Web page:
Published: December 4, 2018
On October 29, the government of China published a notice that it was reopening domestic trade in rhino horn and tiger bones. In its notice, it stated that “rhino horns and tiger bones” must be used in “medicinal research or healing” and “can only be obtained from farmed rhinos and tigers, not including those raised in zoos.”
For animal rights groups such as Save the Rhino Foundation International and the World Wildlife Fund for Nature (WWF), the initiative immediately drew opposition, the groups claiming that reopening the rhino horn trade would increase poaching.
Letters and online petitions from wildlife conservation groups have convinced two international auction houses to cancel their upcoming sales of rhino horn artifacts, according to NPR’s political reporter Vanessa Romo, who noted that both London-based Bonhams and Sotheby’s were capitulating to mounting pressure and criticism from such groups who argue the legal sale of parts of endangered species promotes illegal poaching and rampant slaughter. Bonhams’ chief executive officer Matthew Girling is quoted as saying that not only would an estimated $3.87 million worth of rhino horn items be pulled from the firm’s upcoming sale but that “In future, Bonhams will not offer artifacts made entirely or partly from rhinoceros horn in its salerooms.”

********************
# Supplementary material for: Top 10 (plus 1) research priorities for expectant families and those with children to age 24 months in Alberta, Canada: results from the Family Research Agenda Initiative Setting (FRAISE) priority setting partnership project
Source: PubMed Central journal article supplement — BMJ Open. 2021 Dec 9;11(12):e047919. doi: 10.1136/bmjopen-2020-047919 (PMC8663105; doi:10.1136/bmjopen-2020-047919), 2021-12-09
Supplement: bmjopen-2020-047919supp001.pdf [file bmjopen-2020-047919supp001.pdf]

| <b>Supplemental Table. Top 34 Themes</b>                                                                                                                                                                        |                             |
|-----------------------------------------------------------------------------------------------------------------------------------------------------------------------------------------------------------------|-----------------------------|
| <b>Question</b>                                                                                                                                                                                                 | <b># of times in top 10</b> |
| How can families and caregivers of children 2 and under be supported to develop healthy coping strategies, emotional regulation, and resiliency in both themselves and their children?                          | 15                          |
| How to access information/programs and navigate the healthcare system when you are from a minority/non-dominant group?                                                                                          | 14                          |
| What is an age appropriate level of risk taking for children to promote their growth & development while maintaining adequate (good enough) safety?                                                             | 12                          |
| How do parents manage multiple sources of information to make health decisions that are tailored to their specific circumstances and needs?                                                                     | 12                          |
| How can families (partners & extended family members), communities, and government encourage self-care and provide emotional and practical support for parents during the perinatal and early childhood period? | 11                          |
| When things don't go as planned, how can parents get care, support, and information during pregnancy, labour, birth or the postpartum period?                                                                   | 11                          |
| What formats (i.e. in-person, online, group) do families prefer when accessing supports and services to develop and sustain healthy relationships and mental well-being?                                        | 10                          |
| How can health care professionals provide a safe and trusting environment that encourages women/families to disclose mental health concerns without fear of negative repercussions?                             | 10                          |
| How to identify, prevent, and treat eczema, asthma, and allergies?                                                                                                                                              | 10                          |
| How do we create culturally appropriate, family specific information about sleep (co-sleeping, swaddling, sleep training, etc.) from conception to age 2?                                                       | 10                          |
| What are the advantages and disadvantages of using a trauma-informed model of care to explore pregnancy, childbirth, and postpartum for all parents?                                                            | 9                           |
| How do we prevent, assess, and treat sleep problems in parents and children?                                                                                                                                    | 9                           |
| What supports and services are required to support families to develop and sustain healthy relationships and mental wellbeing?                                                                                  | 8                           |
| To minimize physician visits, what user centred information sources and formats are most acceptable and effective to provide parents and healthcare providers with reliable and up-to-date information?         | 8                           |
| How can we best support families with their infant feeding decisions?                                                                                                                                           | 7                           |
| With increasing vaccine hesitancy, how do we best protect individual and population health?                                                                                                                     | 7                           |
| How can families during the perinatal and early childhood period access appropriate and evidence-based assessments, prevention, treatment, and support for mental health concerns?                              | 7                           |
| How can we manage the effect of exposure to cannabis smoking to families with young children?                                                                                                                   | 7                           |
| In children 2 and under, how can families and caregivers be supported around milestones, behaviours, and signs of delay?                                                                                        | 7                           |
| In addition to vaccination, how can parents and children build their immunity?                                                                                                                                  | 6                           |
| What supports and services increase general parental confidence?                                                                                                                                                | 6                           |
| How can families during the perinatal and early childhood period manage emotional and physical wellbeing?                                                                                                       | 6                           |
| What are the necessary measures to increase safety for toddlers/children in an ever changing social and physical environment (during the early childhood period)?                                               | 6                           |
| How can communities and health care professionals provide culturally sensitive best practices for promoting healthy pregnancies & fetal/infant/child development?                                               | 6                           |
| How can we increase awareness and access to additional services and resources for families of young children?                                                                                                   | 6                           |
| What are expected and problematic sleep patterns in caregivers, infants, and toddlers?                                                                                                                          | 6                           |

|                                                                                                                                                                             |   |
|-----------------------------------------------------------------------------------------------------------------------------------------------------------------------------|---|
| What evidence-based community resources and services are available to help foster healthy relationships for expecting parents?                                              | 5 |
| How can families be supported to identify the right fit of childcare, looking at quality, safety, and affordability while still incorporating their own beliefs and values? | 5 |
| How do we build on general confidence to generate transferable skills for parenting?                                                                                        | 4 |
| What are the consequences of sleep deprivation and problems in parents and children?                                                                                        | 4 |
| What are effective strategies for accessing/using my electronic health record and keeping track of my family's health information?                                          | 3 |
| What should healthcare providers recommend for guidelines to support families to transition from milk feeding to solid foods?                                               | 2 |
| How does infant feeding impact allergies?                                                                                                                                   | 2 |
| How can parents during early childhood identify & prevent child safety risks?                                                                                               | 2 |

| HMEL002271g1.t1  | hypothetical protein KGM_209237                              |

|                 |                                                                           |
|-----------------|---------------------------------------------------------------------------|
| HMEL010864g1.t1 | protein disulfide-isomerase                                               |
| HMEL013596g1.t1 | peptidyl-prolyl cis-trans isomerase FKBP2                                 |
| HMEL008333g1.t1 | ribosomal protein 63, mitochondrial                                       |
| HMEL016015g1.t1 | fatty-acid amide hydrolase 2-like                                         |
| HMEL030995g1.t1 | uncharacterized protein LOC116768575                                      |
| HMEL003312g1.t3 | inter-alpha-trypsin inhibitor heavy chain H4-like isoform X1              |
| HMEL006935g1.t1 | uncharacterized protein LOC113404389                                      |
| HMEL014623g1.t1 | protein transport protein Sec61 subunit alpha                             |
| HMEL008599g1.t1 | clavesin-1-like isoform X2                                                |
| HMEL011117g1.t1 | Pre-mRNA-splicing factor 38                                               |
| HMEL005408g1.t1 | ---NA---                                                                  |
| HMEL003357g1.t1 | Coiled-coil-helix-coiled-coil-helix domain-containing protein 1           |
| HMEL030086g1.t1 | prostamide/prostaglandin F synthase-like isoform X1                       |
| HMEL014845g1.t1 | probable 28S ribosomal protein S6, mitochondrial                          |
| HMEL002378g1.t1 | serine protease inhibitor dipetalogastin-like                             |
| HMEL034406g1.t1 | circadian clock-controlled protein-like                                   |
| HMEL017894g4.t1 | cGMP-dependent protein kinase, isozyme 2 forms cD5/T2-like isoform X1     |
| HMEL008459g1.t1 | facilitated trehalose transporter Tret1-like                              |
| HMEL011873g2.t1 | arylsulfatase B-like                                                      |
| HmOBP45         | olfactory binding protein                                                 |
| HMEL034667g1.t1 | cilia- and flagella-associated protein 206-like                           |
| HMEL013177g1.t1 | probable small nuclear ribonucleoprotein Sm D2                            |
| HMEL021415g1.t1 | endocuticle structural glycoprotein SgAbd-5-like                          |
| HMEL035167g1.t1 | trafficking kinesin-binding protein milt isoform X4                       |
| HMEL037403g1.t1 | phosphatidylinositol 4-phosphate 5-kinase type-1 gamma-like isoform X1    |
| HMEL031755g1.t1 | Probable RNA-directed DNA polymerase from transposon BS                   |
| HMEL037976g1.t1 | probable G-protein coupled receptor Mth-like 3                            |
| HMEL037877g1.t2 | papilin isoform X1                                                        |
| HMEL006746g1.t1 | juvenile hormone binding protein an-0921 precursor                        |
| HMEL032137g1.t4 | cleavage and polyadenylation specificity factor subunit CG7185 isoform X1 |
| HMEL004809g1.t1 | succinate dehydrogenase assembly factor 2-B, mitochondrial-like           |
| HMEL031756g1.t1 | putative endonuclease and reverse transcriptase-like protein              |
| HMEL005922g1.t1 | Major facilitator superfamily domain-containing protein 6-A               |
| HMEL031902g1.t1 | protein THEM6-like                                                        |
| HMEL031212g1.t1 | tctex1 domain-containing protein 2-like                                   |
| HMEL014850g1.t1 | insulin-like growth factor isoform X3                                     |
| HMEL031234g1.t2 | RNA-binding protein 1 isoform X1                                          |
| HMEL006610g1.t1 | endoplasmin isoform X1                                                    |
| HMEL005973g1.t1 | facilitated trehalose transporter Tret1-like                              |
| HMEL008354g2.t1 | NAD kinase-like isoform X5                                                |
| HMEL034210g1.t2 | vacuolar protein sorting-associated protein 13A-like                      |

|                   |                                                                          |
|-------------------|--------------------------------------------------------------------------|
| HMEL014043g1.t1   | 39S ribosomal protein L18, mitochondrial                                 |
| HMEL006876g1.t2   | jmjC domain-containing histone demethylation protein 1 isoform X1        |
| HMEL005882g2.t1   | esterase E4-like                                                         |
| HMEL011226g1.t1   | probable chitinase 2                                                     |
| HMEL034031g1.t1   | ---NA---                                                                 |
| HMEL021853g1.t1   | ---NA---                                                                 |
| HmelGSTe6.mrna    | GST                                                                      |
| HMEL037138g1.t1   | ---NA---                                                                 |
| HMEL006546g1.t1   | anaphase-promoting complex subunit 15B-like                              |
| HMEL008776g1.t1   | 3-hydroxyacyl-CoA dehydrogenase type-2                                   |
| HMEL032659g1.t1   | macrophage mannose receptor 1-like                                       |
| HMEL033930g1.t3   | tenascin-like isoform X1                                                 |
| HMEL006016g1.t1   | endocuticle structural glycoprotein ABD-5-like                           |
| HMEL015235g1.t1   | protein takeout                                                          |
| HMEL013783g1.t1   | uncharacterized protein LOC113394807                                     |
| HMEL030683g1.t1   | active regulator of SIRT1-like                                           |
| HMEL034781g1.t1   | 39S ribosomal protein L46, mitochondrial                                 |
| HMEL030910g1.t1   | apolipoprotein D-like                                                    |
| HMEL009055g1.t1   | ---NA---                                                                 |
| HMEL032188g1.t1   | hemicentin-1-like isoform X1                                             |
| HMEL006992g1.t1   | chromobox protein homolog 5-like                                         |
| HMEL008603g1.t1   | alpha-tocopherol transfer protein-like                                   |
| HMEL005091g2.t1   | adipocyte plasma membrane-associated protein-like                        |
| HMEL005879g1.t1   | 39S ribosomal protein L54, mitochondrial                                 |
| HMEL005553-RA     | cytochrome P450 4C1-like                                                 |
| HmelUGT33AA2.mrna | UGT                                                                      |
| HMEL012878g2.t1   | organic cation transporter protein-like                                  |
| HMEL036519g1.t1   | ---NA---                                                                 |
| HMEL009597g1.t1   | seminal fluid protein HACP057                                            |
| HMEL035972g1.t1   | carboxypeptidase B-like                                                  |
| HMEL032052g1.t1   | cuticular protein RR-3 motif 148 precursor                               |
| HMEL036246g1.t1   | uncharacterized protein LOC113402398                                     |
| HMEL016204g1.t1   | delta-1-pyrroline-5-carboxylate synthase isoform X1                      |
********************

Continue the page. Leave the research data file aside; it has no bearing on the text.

Similarly, Nicolas Chow, Sotheby’s Asia chairman told Agence-France Presse that “the company will no longer offer rhino horn artifacts in the future.” Another major auction house, Christie’s, was already on the record as not selling any items that include rhino horn or hunting trophies from endangered species.
Meanwhile, the IWMC World Conservation Trust (IWMC) has criticized the World Wildlife Fund for deliberately misrepresenting China’s proposed policy reform of its trade in domestic, captively raised tiger bones and rhino horn. When on November 12 state council executive deputy secretary-general Ding Xuedong said that the new restricted trade in tiger and rhino products “should be implemented,” the WWF, welcoming the statement as if it represented a policy retreat, said, “this move helps maintain the leadership role China has taken in tackling the illegal wildlife trade and reducing market demand.” In response, IWMC accused WWF of exaggerating the significance of a routine administrative delay before implementing an important policy decision. Said the Ivory Education Institute’s Godfrey Harris, “WWF took the delay as an indication that China was unsure of the wisdom of its new policy. The WWF and its ilk live off of the $600 million in annual donations to ‘save wildlife.’ Never mind that their way has failed for more than 40 years. They want nothing that could threaten the flow of money to succeed. We think the new Chinese way makes a ton of good sense and could be instrumental in new methods to conserve elephant populations under threat. Hence our full support for the IWMC World Conservation Trust.”
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